Traditional hydrogels are commonly limited by poor mechanical properties and low oxygen permeability. Bimodal amphiphilic co-networks (β-APCNs) are a new class of materials that can overcome these limitations by combining hydrophilic and hydrophobic polymer chains within a network of co-continuous morphology. Applications that can benefit from these improved properties include therapeutic contact lenses, enzymatic catalysis supports, and immunoisolation membranes. The continuous hydrophobic phase could potentially increase the adsorption of plasma proteins in blood-contacting medical applications and compromise in vivo material performance, so it is critical to understand the surface characteristics of β-APCNs and adsorption of plasma proteins on β-APCNs. From real-time spectroscopic visible (Vis) ellipsometry measurements, plasma protein adsorption on β-APCNs is shown to be transport-limited. The adsorption of proteins on the β-APCNs is a multistep process with adsorption to the hydrophilic surface initially, followed by diffusion into the material to the internal hydrophilic/hydrophobic interfaces. Increasing the cross-linking of the PDMS phase reduced the protein intake by limiting the transport of large proteins. Moreover, the internalization of the proteins is confirmed by the difference between the surface-adsorbed protein layer determined from XPS and bulk thickness change from Vis ellipsometry, which can differ up to 20-fold. Desorption kinetics depend on the adsorption history with rapid desorption for slow adsorption rates (i.e., slow-diffusing proteins within the network), whereas proteins with fast adsorption kinetics do not readily desorb. This behavior can be directly related to the ability of the protein to spread or reorient, which affects the binding energy required to bind to the internal hydrophobic interfaces.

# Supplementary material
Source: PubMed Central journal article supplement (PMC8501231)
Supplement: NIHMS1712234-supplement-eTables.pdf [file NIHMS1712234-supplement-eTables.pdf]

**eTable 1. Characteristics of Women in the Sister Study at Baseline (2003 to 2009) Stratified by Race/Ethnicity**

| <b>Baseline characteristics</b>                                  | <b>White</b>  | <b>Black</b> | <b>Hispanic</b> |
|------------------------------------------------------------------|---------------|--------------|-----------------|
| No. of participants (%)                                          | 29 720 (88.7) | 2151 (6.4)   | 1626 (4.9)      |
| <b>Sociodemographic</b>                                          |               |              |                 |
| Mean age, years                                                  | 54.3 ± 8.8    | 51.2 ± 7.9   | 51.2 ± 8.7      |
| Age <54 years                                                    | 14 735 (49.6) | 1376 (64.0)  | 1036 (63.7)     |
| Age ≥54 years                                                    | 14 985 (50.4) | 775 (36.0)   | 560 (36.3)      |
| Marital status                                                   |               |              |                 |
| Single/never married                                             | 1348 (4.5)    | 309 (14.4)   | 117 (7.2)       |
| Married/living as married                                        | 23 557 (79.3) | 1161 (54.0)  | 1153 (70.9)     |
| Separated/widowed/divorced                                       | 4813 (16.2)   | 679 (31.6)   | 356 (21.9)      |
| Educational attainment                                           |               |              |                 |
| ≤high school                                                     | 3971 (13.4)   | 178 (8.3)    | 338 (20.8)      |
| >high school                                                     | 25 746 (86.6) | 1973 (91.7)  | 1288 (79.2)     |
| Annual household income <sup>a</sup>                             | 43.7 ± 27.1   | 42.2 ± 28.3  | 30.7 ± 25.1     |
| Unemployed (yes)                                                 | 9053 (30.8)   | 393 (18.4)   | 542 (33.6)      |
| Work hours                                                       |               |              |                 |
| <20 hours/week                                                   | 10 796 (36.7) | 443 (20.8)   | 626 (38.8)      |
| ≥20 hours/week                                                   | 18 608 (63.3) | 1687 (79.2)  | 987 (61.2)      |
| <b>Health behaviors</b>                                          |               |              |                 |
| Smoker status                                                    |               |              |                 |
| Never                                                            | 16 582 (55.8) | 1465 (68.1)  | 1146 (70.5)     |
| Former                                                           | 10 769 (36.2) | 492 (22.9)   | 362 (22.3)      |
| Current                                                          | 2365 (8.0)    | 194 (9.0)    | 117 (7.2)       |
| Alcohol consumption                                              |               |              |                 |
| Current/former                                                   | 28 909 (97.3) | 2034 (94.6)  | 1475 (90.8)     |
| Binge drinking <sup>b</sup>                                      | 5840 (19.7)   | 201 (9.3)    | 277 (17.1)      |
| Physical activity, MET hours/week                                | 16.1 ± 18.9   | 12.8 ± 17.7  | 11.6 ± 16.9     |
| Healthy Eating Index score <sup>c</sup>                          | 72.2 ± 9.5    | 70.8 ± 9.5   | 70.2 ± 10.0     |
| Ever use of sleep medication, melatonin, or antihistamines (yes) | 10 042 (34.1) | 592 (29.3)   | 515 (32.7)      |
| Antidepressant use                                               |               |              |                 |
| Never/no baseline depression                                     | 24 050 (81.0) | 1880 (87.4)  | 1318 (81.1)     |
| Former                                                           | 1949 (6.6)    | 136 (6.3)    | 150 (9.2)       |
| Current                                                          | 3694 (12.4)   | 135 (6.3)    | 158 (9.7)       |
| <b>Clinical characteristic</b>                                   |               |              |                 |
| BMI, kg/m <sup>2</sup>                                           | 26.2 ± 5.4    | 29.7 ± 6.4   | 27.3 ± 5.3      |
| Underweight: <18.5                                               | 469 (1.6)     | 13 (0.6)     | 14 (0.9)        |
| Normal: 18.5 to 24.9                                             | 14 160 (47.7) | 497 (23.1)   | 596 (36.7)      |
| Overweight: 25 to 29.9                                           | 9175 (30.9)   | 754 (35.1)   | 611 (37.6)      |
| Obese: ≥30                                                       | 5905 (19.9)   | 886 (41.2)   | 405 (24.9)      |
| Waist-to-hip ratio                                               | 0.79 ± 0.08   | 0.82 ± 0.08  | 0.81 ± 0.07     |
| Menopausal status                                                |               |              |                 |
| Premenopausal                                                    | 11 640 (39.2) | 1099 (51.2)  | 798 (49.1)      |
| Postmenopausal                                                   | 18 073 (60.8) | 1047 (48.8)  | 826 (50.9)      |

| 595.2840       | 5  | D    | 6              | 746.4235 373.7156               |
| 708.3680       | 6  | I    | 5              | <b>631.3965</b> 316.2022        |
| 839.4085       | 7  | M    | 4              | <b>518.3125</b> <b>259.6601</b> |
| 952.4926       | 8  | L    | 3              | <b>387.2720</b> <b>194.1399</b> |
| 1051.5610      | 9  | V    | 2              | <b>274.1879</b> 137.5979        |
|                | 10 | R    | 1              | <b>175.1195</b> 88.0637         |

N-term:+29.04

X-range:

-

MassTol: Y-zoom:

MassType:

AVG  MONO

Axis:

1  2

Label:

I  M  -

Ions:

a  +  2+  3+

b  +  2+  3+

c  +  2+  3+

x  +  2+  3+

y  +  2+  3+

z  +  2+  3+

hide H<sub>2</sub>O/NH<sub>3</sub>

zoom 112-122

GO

All Science Journal Classification (ASJC) codes
- Materials Science(all)
- Condensed Matter Physics
- Surfaces and Interfaces